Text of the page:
(b) in any other case, that such disclosure would contravene any of the data protection principles if the exemptions in section 33A(1) of that Act (which relate to manual data held) were disregarded.

(5) In this section-

"the data protection principles" means the principles set out in Part I of Schedule 1 to that Act, as read subject to Part II of that Schedule and to section 27(1) of that Act;

"data subject" and "personal data" have the meanings respectively assigned to those terms by section 1(1) of that Act;

Data Protection Act 1998

1 Basic interpretative provisions

(1) In this Act, unless the context otherwise requires -

"personal data" means data which relate to a living individual who can be identified -

(a) from those data, or

(b) from those data and other information which is in the possession of, or is likely to come into the possession of, the data controller,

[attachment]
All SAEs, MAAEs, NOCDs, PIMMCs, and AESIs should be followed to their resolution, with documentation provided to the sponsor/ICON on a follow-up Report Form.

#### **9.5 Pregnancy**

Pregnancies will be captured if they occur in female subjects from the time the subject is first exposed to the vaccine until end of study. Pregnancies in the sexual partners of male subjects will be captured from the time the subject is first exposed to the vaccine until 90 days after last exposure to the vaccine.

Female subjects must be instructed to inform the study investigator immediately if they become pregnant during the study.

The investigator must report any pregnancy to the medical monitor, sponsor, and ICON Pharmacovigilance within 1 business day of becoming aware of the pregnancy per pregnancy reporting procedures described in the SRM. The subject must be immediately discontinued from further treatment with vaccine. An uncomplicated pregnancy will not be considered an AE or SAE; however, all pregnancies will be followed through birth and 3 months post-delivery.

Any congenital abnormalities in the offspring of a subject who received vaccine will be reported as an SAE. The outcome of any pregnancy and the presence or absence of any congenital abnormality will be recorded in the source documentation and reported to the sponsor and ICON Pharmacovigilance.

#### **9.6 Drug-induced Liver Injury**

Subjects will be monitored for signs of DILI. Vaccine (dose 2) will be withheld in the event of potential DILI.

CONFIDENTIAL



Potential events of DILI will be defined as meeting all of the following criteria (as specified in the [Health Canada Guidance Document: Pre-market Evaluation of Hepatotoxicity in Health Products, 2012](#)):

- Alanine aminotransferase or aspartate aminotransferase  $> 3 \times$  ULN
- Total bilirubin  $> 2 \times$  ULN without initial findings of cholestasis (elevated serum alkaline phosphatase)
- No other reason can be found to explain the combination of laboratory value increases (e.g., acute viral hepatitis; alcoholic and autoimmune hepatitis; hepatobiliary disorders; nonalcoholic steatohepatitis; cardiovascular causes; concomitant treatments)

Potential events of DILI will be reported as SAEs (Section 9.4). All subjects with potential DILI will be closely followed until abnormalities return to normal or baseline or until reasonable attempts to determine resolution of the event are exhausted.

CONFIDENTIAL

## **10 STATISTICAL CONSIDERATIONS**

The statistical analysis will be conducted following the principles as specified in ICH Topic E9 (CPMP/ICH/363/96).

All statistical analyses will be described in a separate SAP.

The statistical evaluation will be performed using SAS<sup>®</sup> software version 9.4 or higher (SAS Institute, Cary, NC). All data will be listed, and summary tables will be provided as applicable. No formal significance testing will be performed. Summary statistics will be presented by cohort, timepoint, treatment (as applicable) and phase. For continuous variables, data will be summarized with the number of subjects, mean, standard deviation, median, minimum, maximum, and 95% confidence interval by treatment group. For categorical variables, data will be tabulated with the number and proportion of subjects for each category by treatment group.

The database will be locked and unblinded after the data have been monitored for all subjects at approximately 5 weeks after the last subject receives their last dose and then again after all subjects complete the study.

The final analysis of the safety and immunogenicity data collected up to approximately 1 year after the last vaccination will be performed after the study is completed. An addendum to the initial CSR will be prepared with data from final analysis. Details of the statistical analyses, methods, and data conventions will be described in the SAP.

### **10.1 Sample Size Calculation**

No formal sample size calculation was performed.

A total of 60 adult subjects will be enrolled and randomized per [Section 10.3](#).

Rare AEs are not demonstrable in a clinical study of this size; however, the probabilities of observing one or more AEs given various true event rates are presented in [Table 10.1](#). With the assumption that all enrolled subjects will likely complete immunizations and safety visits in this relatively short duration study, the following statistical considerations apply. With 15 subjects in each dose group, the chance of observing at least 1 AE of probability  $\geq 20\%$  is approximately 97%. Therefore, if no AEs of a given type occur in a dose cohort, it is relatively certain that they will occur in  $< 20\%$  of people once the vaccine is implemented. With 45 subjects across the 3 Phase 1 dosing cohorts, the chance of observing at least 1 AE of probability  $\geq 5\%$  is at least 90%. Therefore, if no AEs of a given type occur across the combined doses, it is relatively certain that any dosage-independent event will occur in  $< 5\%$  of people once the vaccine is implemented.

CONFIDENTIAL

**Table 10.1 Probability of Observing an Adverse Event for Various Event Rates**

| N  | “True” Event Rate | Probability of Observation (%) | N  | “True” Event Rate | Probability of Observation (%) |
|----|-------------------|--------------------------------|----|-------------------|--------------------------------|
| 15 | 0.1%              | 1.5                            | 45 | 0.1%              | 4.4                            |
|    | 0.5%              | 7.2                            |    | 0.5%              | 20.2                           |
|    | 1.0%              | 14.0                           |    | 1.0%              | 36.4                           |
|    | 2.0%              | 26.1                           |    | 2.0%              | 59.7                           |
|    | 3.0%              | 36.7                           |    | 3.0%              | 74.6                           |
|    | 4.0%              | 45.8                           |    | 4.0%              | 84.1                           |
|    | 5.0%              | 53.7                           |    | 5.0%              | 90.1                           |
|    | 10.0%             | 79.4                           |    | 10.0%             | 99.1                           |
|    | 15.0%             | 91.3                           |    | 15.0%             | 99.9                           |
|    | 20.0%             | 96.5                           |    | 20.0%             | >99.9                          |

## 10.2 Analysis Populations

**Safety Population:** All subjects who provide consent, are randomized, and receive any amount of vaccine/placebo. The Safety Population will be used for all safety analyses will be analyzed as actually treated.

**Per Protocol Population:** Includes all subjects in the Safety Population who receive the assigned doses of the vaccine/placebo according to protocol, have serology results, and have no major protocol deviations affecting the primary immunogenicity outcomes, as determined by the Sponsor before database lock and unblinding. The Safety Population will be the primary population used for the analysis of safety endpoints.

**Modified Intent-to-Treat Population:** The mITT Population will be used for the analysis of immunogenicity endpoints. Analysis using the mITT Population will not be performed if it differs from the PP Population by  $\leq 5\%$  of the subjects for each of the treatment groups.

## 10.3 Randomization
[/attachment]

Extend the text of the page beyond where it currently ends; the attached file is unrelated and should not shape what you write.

and includes any expression of opinion about the individual and any indication of the intentions of the data controller or any other person in respect of the individual;

Schedule 1 - The data protection principles

Part I - The principles

1. Personal data shall be processed fairly and lawfully and, in particular, shall not be processed unless -

(a) at least one of the conditions in Schedule 2 is met

Schedule 2 - Conditions relevant for purposes of the first principle: processing of any personal data

1. The data subject has given his consent to the processing.

...

6. (1) The processing is necessary for the purposes of legitimate interests pursued by the data controller or by the third party or parties to whom the data are disclosed, except where the processing is unwarranted in any particular case by reason of prejudice to the rights and freedoms or legitimate interests of the data subject.


[1] http://www.publications.parliament.uk/pa/ld200708/ldjudgmt/jd080709/comm-1.htm

[2] http://www.itspublicknowledge.info/Law/FOISA-EIRsGuidance/section38/Section38.aspx

PDF IconLink to PDF file of decision 135/2015 (270 kb)

Back to Top